The appearance of the Lord’s Resistance Army (LRA) in the Central African Republic and the lingering presence of rebel groups have overwhelmed the country’s small military, regional officials said during an international roundtable discussion at the National Defense University in Washington, D.C., on April 6, 2012.
Continuing instability caused by the armed groups threaten any hope of creating security or development in the landlocked, poverty-ridden country, said Colonel Jean-Francis Bozizé, the CAR’s deputy minister of defense.
Bozizé spoke during the meeting that included Central Africa specialists from the U.S. departments of State and Defense, Africa Center for Strategic Studies (ACSS) scholars, and high-level officials representing CAR, the UN, and nongovernmental organizations (NGOs). Bozizé commented on the status of the LRA and security-sector reform in his country.
“The operational capabilities of the LRA have been reduced by 75%,” he said. “But the group’s center of gravity remains in the CAR despite efforts to cooperate” by neighboring countries’ militaries and around 100 U.S. military advisors.
“The LRA has become a permanent source of instability in the region,” he said.
Joseph Kony’s LRA, originally from Uganda, is known for its brutal acts of terrorism and butchery in the region’s remote countryside. The group appeared in the CAR following offensives by the country’s neighbors to eradicate it from their lands. Kony and other LRA leaders are said to be in the country’s Zomongo forest. But a number of challenges—difficult terrain, low visibility, and complex resupply operations—face regional militaries as they continue to pursue the quick-moving LRA.
The group’s impact in the CAR’s southeast has been significant. With virtually no government presence in the remote wilderness, local self-defense groups have organized defensive lines around towns. Villagers stuck in these strongholds, meanwhile, have grown frustrated at being unable to return to their farms and other work and stresses caused by the invading marauders are beginning to fray relationships between settled agrarian communities and their pastoralist neighbors.
Alexis Arieff, an African affairs specialist with the Congressional Research Service, said the LRA’s appearance in the CAR became known in 2008 following incidents of looting and abduction of villagers.
“There are significant challenges for the CAR: How does the country prioritize their problem with the LRA against the other major problems it faces?” Arieff said.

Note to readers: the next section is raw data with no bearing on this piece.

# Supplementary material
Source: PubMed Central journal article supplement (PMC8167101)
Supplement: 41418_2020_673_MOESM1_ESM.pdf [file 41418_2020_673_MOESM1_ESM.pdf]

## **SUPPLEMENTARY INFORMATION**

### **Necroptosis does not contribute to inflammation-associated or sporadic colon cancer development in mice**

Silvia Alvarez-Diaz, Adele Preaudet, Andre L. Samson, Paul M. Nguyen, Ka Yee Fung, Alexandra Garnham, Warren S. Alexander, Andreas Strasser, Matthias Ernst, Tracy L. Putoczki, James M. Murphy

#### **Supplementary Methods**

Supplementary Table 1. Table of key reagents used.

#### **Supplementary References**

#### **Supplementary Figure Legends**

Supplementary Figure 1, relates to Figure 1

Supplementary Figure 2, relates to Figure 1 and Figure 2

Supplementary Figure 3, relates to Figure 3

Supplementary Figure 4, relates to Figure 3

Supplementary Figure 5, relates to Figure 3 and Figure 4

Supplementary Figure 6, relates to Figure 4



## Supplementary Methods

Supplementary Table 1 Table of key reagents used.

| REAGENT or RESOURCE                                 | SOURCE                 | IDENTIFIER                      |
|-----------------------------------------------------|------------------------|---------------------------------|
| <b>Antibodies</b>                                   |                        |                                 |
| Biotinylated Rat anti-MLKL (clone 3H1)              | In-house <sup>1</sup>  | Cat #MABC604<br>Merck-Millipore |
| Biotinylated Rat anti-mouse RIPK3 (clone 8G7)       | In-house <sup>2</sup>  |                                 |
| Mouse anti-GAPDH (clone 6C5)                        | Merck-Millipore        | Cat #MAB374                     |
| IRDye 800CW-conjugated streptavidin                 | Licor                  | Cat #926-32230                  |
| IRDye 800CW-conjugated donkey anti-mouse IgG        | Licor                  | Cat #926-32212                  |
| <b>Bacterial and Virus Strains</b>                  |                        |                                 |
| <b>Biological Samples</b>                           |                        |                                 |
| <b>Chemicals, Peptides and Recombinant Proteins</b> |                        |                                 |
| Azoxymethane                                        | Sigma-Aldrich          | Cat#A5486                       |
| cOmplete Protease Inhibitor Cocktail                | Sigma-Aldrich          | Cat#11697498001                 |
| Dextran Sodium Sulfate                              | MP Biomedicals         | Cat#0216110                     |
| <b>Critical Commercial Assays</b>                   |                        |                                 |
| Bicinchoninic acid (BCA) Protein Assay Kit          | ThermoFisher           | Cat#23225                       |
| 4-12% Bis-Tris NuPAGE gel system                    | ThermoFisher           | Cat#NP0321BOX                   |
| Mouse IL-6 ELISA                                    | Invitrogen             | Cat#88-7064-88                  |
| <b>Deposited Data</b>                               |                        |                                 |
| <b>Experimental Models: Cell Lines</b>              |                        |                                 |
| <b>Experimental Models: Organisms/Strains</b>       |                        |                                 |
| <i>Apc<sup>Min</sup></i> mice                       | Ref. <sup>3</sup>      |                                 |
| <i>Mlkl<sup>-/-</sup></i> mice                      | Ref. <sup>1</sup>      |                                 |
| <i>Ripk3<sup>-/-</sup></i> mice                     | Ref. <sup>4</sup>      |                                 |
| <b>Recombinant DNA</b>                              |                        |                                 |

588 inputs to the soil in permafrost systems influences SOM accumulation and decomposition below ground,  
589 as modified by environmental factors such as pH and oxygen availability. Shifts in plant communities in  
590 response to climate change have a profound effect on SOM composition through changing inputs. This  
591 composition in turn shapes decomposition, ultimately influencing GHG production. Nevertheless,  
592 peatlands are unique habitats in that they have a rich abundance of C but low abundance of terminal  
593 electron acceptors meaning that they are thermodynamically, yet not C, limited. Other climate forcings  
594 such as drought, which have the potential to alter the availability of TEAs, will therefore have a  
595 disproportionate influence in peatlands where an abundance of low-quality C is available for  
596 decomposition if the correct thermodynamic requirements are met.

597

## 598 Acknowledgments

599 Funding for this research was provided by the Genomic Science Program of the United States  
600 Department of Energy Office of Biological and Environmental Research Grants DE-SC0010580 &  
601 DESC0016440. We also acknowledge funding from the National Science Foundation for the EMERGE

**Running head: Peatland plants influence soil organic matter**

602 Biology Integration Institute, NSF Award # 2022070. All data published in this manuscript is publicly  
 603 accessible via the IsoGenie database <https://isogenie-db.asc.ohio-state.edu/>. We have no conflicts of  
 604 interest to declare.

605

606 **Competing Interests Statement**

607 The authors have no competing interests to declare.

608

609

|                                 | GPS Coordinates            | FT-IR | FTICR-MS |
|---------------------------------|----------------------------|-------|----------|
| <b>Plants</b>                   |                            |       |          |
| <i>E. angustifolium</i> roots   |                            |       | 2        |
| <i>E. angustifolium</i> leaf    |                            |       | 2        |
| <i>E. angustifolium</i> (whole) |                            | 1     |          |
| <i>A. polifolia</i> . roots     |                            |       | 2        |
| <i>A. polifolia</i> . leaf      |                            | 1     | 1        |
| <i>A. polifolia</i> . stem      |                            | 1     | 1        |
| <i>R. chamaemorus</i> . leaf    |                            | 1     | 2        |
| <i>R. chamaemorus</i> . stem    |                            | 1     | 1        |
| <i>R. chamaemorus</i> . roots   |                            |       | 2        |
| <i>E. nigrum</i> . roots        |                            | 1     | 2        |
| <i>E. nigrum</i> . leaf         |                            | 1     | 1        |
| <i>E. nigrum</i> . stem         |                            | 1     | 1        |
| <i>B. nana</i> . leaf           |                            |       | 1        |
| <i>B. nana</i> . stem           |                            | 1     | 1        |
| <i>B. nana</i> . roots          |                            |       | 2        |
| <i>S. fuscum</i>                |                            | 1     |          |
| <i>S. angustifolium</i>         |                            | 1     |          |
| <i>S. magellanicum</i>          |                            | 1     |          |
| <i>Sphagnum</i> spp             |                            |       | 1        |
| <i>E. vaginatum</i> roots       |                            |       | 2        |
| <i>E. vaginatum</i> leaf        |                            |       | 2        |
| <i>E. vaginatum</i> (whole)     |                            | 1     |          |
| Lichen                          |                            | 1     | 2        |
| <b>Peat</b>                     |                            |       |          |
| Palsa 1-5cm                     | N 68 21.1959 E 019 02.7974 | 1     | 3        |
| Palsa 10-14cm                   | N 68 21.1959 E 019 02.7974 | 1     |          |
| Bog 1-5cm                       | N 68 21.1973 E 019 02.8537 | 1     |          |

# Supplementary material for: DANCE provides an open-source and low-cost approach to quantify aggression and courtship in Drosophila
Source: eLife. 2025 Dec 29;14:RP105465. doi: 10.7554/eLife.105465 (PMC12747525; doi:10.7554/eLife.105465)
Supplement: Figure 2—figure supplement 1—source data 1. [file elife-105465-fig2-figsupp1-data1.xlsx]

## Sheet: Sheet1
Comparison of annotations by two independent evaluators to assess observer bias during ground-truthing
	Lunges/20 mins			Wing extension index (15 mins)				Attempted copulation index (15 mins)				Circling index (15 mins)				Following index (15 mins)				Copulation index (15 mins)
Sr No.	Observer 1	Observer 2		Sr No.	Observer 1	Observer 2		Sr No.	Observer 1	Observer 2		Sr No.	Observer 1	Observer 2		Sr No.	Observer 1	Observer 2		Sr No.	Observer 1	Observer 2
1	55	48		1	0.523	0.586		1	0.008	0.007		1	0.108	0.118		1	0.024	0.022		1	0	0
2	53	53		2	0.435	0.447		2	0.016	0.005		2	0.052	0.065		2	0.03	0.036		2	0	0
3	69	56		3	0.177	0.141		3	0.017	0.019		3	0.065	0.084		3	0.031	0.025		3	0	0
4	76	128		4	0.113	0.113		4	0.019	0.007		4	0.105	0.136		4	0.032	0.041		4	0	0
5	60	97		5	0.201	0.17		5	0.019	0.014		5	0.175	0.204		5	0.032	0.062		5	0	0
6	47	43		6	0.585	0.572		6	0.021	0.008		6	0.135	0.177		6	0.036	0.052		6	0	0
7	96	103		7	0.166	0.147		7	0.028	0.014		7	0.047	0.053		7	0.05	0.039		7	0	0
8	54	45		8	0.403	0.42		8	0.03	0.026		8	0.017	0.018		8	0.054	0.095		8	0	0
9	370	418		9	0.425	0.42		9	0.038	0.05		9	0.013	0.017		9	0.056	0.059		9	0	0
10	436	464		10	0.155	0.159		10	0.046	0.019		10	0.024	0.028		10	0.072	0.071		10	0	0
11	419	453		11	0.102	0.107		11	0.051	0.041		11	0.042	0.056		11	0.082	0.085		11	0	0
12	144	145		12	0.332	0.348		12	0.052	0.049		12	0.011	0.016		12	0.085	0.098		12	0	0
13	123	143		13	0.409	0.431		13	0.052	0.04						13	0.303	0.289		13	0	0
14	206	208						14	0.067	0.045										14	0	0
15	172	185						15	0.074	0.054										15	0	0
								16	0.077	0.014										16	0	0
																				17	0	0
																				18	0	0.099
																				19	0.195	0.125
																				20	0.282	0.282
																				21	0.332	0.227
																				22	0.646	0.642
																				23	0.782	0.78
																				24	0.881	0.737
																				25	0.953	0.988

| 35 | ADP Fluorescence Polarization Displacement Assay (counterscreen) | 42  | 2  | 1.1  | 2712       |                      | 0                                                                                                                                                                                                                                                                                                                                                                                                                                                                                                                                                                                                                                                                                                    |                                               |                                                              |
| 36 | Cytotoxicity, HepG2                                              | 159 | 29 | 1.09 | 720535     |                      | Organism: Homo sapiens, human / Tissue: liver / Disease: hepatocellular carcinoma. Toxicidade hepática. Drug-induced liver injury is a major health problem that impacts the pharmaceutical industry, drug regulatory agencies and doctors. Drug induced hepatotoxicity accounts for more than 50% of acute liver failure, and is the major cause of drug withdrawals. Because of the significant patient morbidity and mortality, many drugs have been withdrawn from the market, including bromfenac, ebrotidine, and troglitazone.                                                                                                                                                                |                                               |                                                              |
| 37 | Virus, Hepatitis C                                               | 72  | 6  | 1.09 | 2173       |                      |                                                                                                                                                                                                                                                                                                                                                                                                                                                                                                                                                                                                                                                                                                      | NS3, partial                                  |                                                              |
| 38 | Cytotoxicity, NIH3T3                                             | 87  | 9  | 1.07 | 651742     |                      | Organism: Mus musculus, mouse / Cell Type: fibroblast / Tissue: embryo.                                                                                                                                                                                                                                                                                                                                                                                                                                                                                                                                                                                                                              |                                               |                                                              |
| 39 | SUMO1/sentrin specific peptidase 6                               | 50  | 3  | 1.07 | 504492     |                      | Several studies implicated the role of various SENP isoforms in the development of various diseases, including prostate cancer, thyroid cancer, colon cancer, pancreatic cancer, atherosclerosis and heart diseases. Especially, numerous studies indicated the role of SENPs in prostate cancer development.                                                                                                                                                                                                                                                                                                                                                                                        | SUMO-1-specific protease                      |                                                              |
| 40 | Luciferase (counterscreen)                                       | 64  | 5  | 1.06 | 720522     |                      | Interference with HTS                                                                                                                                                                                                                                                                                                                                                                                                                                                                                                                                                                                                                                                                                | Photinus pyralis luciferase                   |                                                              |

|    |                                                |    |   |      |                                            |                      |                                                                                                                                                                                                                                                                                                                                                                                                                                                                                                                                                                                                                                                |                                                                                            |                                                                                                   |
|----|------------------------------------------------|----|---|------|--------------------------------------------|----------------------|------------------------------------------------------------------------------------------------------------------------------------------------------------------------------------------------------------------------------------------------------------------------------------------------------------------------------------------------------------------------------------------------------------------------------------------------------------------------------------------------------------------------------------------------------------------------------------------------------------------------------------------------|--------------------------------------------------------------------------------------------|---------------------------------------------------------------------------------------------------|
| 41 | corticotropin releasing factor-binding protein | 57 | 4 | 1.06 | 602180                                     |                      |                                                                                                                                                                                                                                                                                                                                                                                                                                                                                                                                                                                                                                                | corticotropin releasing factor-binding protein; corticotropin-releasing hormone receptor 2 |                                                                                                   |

The group joins at least five political-military rebel groups with a presence in the country.
Margaret Vogt, the special representative and head of the UN’s Integrated Peacebuilding Office in the CAR, said the CAR’s security situation could influence the rest of the region.
“If we don’t move quickly, possible linkages between the LRA and other politico-military groups in the CAR could become a reality,” Vogt said. “The country must become a firewall to prevent further degradation of security across the Sahel.”
Indeed, Bozizé confirmed one rebel group, the Convention of Patriots for Justice and Peace, has provided information to the LRA and helped it attack the CAR army.
Vogt said the CAR government is trying to contain the situation as best it can and focusing on an aggressive attempt to stabilize the country’s security. So far, it has signed security agreements with Chad and the Sudan that resulted in the deployment of a tripartite force and the return of significant numbers of refugees.
“This seminar is an opportunity to talk about a country that is not very often at the center of public attention,” Vogt said. “The government has been unable to deploy the resources necessary to control its territory.”
Bozizé acknowledged the CAR must develop a professional national security apparatus.
“Peacebuilding must have an effective, capable security force to prevent conflict and enforce the peace,” the deputy defense minister said. “We need to disarm and demobilize all of the combatants in my country. Our momentum has stalled due to a lack of resources.”
Ambassador (ret.) William M. Bellamy, the director of ACSS, which hosted the roundtable, said the CAR has been willing to try multiple approaches and paths to overcome the obstacles to its security.
“What the CAR faces is daunting,” Bellamy said. “No other examples come to mind of such a beleaguered state experiencing so many security challenges. The question for its leaders becomes, ‘Where do you begin?’”
The Africa Center is the pre-eminent Department of Defense institution for strategic security studies, research, and outreach in Africa. ACSS offers a range of academic symposiums, workshops, and programs throughout Africa, the United States, and Europe. Since 1999, more than 4,500 African and international leaders have participated in ACSS programs.